Amidst the barrage of reports and statistics on dropping readership and circulation at newspapers across North America, there is one bright spot in Canadian journalism: community newspapers. Gregory Sawisky examines the importance of community reporting.
Amidst the barrage of reports and statistics on dropping readership and circulation at newspapers across North America, there is one bright spot in Canadian journalism: community newspapers.
Not only have they been largely spared the suffering of city and metro dailies: the community press continues to play an important role in the neighbourhoods they cover, according to a recent study from Thompson Rivers University.
The study (which was funded through the university’s Undergraduate Research Experience Award Program) found that the community press possesses certain advantages that larger media organizations simply don’t have: far fewer competitors, a near-monopoly on local content and a close relationship with local businesses and community groups.
In his novel Community Journalism: Relentlessly Local, author Jock Lauterer writes: “Most community newspapers orient themselves ethically toward their communities in a fundamentally different way than their big-city cousins. While the community paper, like the large metro paper, serves in the vital role of public watchdog of governmental affairs, the similarities end there.”
The study examined five community newspapers in central Alberta: The Mountaineer in Rocky Mountain House, the Stettler Independent in Stettler, the Lacombe Globe in Lacombe, the Olds Albertan in Olds and the Ponoka News in Ponoka. Each community had a population ranging from 5,000 to 10,000 citizens, not including rural residents in the surrounding county.
Jim Hunter is the mayor of Stettler. He believes that the presence of the community newspaper has an important function for the municipal government.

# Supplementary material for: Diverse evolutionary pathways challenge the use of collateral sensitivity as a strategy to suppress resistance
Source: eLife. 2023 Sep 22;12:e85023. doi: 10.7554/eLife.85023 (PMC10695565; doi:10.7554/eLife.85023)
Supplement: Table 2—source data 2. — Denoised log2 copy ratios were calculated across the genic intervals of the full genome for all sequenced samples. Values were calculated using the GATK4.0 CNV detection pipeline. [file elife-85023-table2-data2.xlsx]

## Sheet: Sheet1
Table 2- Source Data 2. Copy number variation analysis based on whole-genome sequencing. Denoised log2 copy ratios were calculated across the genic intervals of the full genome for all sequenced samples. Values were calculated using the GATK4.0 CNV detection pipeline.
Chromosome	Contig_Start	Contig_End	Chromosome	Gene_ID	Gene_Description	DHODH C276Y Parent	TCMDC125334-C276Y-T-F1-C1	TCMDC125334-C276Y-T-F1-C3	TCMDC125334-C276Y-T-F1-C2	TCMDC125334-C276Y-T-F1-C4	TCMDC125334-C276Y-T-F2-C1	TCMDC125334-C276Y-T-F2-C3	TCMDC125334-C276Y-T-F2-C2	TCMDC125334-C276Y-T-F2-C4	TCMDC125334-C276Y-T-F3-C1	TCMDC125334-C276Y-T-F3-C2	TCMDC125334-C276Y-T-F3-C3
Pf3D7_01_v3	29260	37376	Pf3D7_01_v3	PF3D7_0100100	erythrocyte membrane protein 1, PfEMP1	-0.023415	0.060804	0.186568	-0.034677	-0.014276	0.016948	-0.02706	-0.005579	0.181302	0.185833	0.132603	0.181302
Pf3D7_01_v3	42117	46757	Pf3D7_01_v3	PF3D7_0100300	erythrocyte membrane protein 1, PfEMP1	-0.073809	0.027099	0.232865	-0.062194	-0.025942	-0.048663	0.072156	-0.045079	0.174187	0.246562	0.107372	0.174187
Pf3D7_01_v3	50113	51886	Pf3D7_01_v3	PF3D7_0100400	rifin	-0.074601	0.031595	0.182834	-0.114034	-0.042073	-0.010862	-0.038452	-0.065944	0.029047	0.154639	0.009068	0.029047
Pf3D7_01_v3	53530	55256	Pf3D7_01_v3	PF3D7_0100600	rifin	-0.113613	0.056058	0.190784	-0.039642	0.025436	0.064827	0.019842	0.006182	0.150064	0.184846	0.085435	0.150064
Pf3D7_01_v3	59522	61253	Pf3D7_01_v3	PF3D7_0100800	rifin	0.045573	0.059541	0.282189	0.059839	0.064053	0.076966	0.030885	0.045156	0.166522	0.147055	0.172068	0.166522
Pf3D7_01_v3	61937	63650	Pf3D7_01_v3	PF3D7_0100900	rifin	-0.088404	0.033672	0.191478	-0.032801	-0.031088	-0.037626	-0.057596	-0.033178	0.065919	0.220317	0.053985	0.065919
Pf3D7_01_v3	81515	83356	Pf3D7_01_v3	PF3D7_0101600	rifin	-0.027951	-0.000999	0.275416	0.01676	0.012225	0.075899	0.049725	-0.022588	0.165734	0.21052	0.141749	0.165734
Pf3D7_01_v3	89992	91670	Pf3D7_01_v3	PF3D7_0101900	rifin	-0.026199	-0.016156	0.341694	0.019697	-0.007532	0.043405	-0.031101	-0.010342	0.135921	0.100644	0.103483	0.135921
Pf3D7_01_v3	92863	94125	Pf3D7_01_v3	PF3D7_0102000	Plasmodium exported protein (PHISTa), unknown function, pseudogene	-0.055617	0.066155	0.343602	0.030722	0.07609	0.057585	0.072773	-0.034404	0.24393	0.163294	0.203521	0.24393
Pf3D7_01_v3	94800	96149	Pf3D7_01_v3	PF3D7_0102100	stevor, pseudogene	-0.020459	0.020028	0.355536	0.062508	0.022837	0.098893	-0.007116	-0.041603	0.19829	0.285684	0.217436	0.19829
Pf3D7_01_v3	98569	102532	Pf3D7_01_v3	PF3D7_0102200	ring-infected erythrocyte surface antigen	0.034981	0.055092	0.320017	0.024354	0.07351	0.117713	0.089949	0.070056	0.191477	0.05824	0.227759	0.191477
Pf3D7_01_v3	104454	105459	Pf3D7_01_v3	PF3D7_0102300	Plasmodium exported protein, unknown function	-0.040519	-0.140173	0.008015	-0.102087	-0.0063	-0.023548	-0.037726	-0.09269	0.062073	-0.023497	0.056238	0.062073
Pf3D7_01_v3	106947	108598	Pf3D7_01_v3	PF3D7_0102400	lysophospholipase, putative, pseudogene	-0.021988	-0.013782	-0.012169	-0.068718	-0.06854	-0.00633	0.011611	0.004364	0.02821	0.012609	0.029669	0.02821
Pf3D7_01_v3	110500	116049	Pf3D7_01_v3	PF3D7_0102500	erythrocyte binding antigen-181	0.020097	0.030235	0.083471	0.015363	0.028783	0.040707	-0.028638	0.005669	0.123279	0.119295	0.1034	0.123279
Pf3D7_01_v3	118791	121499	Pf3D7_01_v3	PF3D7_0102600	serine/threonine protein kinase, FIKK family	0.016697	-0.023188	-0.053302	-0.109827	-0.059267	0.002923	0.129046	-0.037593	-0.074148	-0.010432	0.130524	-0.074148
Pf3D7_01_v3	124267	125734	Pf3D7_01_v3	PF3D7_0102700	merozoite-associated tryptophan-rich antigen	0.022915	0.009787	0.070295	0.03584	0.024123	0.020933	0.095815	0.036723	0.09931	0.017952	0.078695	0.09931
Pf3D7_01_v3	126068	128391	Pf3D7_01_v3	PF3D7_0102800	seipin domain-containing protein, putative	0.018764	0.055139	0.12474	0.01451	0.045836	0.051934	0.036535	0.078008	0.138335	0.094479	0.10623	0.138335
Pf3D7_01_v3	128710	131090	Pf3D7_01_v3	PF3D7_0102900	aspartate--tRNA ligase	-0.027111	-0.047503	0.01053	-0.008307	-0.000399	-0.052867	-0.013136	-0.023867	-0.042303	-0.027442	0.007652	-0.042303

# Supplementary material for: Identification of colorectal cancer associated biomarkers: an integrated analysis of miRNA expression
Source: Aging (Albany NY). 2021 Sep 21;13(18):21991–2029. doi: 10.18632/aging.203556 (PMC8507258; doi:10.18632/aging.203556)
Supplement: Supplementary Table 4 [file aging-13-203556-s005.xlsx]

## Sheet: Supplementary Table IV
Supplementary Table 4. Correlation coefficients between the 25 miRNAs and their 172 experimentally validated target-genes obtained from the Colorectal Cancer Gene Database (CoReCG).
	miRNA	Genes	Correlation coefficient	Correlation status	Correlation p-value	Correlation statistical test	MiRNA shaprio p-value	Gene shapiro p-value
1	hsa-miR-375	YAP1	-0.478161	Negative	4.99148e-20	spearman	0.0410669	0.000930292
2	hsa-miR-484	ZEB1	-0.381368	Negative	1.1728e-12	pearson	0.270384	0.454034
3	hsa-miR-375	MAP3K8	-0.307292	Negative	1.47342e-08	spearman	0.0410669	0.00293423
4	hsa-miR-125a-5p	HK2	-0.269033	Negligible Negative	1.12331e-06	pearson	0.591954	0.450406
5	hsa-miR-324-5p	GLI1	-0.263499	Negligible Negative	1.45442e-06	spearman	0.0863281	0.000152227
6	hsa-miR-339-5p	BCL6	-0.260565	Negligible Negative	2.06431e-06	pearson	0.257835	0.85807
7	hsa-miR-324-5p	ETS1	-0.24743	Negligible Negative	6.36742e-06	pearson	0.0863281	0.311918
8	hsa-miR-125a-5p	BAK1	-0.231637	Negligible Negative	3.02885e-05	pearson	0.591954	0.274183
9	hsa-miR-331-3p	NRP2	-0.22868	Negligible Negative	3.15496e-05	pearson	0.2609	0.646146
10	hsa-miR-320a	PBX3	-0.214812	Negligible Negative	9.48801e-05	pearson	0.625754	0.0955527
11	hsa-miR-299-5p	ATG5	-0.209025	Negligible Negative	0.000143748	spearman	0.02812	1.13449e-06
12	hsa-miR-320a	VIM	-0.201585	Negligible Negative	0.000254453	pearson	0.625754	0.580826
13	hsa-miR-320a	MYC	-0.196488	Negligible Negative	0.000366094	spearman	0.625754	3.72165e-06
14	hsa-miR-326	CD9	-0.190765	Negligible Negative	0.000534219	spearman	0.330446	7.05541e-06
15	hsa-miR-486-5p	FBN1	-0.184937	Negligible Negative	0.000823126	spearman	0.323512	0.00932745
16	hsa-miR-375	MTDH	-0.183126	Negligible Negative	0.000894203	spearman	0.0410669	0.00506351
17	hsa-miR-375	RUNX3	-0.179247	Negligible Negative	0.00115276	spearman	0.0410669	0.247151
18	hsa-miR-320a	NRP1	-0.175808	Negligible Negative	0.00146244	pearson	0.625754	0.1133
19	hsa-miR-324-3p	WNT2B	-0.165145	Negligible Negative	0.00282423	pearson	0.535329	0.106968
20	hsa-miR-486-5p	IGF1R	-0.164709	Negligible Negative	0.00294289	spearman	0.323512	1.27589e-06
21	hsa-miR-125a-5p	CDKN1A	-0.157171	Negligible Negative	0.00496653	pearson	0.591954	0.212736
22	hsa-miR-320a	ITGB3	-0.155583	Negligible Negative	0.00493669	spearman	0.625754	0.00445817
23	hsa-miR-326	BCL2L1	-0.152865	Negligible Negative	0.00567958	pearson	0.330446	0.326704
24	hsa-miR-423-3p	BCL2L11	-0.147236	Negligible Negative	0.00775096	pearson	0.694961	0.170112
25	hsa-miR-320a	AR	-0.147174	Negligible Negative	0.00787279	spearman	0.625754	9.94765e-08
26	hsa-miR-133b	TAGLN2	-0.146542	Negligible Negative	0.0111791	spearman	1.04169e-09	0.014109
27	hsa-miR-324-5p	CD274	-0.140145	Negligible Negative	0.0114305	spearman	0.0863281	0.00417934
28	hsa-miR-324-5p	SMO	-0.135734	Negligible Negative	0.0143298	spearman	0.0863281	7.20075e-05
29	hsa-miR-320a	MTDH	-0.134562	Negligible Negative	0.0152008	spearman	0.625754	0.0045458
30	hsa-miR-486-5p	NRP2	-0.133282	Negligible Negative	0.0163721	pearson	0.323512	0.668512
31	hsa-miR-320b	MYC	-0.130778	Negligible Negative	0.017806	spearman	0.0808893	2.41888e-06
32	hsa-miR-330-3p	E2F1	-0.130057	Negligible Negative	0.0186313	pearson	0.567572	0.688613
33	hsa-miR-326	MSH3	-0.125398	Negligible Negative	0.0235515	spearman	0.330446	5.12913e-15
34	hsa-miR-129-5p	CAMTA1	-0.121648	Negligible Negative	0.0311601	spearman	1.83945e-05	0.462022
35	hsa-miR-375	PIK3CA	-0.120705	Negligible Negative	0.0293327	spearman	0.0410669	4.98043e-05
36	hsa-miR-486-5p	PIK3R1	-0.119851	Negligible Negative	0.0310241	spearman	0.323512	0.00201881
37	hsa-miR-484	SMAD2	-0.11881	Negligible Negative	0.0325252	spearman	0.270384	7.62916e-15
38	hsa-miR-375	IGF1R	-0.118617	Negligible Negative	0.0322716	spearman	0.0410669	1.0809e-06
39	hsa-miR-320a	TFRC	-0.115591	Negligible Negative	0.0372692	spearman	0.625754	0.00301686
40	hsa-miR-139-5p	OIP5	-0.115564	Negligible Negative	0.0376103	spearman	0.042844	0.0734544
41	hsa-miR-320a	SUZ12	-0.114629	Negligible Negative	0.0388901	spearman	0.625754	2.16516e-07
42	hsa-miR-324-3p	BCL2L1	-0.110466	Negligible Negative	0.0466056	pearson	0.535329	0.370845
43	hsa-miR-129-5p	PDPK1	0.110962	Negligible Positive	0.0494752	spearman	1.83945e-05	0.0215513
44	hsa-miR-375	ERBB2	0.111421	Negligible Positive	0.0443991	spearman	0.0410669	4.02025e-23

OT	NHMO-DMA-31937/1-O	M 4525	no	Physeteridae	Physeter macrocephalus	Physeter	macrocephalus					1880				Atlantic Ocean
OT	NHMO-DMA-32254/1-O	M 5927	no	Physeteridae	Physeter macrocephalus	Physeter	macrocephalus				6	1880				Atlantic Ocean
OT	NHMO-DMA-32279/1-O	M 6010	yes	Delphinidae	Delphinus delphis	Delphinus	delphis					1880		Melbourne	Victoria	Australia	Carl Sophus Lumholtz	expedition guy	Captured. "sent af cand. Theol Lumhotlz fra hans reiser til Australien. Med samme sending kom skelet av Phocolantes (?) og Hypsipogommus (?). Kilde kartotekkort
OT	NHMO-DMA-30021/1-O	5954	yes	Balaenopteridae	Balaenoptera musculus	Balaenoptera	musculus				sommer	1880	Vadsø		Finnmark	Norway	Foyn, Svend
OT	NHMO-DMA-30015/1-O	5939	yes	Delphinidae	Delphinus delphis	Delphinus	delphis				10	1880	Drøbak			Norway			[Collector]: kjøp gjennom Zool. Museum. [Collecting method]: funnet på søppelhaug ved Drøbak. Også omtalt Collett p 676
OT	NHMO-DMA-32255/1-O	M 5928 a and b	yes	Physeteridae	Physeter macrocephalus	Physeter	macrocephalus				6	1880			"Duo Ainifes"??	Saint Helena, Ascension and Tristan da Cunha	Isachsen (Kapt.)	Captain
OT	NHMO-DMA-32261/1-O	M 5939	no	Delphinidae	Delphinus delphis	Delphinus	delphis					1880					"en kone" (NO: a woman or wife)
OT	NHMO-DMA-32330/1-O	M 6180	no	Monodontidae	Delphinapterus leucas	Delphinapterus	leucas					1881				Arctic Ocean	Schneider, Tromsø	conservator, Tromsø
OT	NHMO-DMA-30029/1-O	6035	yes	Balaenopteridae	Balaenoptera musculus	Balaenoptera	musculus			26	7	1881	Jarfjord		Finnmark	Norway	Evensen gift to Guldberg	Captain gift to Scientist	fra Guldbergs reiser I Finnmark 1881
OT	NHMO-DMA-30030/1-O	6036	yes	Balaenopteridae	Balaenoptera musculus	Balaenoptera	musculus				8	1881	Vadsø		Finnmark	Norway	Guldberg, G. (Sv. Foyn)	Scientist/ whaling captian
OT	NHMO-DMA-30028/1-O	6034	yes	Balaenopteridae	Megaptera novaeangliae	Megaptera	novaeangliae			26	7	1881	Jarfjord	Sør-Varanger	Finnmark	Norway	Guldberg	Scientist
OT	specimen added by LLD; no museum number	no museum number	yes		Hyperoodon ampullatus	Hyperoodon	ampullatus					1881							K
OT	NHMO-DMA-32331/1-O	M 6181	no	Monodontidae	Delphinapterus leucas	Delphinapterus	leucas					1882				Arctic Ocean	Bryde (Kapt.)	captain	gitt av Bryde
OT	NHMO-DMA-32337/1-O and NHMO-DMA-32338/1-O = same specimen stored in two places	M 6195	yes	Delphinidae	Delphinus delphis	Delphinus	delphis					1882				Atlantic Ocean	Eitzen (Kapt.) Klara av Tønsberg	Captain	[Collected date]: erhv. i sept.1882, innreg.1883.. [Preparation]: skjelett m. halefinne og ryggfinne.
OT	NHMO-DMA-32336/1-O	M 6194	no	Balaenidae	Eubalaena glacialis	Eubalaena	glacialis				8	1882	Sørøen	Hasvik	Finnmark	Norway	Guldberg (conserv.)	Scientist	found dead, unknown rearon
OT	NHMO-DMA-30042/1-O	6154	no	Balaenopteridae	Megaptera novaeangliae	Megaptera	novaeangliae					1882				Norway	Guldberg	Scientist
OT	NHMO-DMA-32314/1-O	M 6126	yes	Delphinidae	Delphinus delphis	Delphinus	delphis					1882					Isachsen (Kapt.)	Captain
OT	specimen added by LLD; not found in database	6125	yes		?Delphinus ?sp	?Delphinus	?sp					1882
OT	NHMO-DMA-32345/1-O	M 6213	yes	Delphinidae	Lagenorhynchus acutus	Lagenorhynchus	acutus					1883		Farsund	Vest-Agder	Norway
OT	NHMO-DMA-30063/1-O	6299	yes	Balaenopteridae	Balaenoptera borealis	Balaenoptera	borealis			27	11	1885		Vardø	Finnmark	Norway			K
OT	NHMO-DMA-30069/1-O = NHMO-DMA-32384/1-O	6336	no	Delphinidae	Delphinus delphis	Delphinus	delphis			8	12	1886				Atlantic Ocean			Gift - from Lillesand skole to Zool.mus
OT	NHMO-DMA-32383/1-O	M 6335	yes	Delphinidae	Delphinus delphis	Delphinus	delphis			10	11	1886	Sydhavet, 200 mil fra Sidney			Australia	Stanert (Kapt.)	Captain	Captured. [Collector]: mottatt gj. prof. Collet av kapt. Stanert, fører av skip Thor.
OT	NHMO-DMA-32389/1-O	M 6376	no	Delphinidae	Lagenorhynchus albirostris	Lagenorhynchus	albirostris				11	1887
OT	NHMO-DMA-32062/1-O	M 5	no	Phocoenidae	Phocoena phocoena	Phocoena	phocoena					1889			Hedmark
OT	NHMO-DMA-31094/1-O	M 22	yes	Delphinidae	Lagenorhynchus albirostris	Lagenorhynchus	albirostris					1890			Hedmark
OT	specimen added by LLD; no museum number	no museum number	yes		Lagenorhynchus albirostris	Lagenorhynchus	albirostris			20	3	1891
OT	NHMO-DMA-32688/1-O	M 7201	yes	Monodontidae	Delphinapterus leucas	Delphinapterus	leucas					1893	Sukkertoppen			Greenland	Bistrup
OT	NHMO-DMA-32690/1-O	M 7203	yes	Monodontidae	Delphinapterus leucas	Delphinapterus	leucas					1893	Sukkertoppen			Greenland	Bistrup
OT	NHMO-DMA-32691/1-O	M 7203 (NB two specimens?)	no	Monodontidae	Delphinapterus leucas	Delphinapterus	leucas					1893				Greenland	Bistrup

“It’s a tool for us as councillors to see that feedback comes in and to see what is going on in some areas of the community. The [Calgary] Herald and the [Edmonton] Journal deal with information regarding the country and the world. If I want to know how certain things reflect on my community and the values and the ideas of my community, it’s my community paper I go to. You don’t get that out of Edmonton or Calgary,” he said.
While his observations might seem rather facile to anyone in the journalism industry, it does serve to reinforce the importance of the community press, not only for local citizens who want to stay informed, but for the community organizations that depend on the presence of a local press.
Local businesses also fall into this group. While there is often a sentiment in journalism that the press should be independent of business influence, the real-world practice doesn’t always draw such a clear distinction. Community newspapers depend on local advertising revenue to a greater degree than major metro publications and, because of this, they tend to act as strong advocates for local business.
George Brown, president of the Alberta Weekly Newspaper Association, said, “We’re probably working more hand in hand to make local businesses successful [than a metro paper would]. We’re working with [local businesses] as fellow members of the Chamber of Commerce; we’re promoting things jointly in the community.”
A strong relationship between a community press and the local economy is key: when the local economy is booming, businesses can in turn spend more on print advertising. When the local economy is weak, advertising drops.
Brad Watson is the chief administrative officer for the town of Ponoka. He faces the challenge of trying to keep people shopping in Ponoka instead of making the 45-minute drive up the highway to Edmonton. He said that if the local newspaper shut down, the ramifications would be detrimental to local business.
“[The closure of the Ponoka News] would be most serious to the commercial and industrial community,” he said. “It would be a major setback for the merchants who advertise in it weekly. I sit in economic development meetings and that is a critical discussion that comes up regularly: How do we stop the bleeding of people going outside the community to shop?”
Of course, the community press is not solely defined by its advertisers. Lisa Joy, editor of the Lacombe Globe, says that what differentiates the community press from metro dailies is the absolute focus on local content. Community newspapers in the study published entirely local and original content, with no wire stories to be found.